from Mashable! by Zoe Fox
The complete ranking of the top 25 are listed below.
- 1. Massachusetts Institute of Technology
- 2. Harvard University
- 3. University of Chicago
- 4. Columbia University
- 5. University of Wisconsin – Madison
- 6. Cornell University
- 7. University of California – Los Angeles
- 8. Stanford University
- 9. Yale University
- 10. University of Texas – Austin
Much of the anxiety around tweens and social media lies in the fear that they don’t care about or understand privacy settings. Parents worry that kids will either willingly or unintentionally expose themselves to dangerous anonymous predators, or that they don’t fully understand that the information they share about themselves can be used against them.
Think of sitting quietly in a spartan room. There are no TVs, computers, smartphones, books, magazines or music. If you’re like most people, this probably sounds like a recipe for boredom. In our culture, we avoid moments of “not-doing” because we don’t associate boredom with having any value. And our aversion to boredom and not-doing have been amplified in our hyper-connected age.
Source: Pew Internet & American Life Project From the summary : One-fifth of American adults (21%) report that they have read an e-book in the past year, and this number increased following a gift-giving season that saw a spike in the ownership of both tablet computers and e-book reading devices such
from Boing Boing by Cory Doctorow
Writing in the New York Times Sunday Magazine, China Mieville blazingly describes two Londons: an exuberant, organic place that has been lived and built over and remade, bursting with energy and vitality; and a fearful, banker-driven collection of megaprojects and guard labour, where billions of pounds can be found to surround the Olympics with snipers and legions of police, but nothing can be found for the library on the corner, where the center of town is being purged of anyone but the super-rich, and where rioting has nothing to do with stop-and-search powers and poverty, and is the result of mere “pure criminality.”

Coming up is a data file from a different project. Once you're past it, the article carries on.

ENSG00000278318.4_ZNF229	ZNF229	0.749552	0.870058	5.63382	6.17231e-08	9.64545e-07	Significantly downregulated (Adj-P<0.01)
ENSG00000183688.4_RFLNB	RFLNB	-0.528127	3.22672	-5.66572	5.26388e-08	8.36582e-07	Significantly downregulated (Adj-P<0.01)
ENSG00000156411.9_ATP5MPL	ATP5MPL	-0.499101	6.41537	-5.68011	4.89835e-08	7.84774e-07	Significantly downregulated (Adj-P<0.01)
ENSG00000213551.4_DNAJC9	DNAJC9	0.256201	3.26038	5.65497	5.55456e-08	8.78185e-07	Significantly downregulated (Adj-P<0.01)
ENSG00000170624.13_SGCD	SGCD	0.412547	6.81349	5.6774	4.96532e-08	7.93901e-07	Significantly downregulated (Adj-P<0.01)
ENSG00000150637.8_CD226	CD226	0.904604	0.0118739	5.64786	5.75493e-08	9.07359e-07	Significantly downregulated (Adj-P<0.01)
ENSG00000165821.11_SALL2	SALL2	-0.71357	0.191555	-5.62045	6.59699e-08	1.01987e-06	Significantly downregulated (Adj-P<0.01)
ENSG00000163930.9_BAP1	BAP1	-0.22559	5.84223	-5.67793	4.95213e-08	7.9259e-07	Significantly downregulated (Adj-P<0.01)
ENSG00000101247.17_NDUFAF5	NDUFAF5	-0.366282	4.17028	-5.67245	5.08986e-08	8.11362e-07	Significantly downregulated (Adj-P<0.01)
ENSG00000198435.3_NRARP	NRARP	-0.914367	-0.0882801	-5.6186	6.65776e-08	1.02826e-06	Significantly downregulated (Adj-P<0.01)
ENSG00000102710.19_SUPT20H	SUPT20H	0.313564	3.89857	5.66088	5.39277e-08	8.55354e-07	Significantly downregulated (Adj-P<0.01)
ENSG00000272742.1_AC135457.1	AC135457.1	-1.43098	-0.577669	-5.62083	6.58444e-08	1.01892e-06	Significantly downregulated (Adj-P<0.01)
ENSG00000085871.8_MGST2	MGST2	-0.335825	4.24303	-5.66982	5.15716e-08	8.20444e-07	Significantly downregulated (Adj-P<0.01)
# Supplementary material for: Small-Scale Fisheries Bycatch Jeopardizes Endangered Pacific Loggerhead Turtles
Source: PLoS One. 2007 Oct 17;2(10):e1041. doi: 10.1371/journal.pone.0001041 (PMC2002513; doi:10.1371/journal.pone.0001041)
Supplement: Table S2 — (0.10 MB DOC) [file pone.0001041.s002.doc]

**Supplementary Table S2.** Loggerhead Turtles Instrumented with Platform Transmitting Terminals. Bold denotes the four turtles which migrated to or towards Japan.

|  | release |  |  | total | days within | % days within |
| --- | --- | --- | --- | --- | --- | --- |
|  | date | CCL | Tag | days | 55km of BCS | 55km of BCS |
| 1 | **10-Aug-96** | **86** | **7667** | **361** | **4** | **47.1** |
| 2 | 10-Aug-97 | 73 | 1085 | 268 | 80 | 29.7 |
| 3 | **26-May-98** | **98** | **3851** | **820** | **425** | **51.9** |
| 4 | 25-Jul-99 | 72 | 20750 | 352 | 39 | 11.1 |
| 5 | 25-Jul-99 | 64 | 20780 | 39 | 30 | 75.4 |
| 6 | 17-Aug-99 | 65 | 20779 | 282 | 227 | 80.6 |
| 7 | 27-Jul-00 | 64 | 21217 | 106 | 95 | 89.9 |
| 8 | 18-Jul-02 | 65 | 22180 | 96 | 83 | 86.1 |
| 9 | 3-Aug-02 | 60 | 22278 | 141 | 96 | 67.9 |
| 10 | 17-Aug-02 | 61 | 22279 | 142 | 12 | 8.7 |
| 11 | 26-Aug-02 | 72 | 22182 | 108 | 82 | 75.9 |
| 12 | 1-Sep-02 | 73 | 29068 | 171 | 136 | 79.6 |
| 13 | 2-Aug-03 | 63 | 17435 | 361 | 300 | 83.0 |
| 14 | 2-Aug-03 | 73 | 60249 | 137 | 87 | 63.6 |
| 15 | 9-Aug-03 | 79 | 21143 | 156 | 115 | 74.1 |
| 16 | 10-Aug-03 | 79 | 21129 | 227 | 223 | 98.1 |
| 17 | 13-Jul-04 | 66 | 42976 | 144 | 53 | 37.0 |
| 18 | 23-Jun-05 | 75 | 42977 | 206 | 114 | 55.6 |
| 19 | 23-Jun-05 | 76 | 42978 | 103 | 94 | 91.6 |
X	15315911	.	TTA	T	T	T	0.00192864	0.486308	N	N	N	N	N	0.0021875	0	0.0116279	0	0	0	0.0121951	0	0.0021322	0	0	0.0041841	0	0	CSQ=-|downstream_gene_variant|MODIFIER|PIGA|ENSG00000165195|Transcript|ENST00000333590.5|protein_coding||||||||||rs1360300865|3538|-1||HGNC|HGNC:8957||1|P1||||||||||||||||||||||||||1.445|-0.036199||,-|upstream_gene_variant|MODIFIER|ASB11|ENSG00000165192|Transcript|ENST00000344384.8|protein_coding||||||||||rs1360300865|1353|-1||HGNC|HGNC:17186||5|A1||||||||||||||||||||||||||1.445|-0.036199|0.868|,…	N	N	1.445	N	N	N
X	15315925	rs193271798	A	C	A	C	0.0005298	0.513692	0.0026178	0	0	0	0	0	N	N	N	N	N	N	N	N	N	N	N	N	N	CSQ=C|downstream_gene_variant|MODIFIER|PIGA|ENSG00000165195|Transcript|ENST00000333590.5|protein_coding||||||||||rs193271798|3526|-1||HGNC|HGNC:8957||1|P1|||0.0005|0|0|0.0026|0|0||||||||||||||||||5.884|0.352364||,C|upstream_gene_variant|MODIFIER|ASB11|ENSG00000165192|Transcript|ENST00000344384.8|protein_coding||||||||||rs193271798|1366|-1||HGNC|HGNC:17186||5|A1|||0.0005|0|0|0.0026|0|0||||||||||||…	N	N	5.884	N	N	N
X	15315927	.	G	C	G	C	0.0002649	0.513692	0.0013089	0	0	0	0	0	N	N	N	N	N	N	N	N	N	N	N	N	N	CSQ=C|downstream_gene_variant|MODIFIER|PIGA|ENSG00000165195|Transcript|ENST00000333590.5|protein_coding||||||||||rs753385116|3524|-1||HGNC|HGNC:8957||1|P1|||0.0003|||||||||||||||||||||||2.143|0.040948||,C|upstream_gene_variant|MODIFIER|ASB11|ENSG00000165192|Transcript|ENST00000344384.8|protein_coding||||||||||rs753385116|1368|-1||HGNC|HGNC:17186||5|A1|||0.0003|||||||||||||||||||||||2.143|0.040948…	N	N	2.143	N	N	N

Blackboard’s Open-Source Pivot
In a major plot twist in the battle between open-source and proprietary learning platforms, Blackboard buys a major open-source service provider and plans a division around it.
from Wired Top Stories by Michael Eisen
A battle that has raged for over a decade between advocates of open science and publishers of traditional scientific journals is coming to a head. Traditional publishers are fighting to defend their paywalls, but molecular biologist and co-founder of the open access publisher Public Library of Science, Michael Eisen argues that keeping published research locked up hurts scientific progress and shortchanges the public.
from Social Network Unionism by OrsanSenalp
|The Occupy Wall Street movement is a model for a new economic paradigm, in which value is first created by communities.|
from Mashable! by Sonia Paul
from open Democracy News Analysis – by Todd Gitlin
An American celebrates the achievement of the Occupy movement in a ‘farewell but let’s meet again soon’ letter sent across the Atlantic to Occupy London.
from Open Culture by Dan Colman
from Changing Turkey in a Changing World by Changing Turkey
Dr. Ahmet T. Kuru (San Diego State University, USA)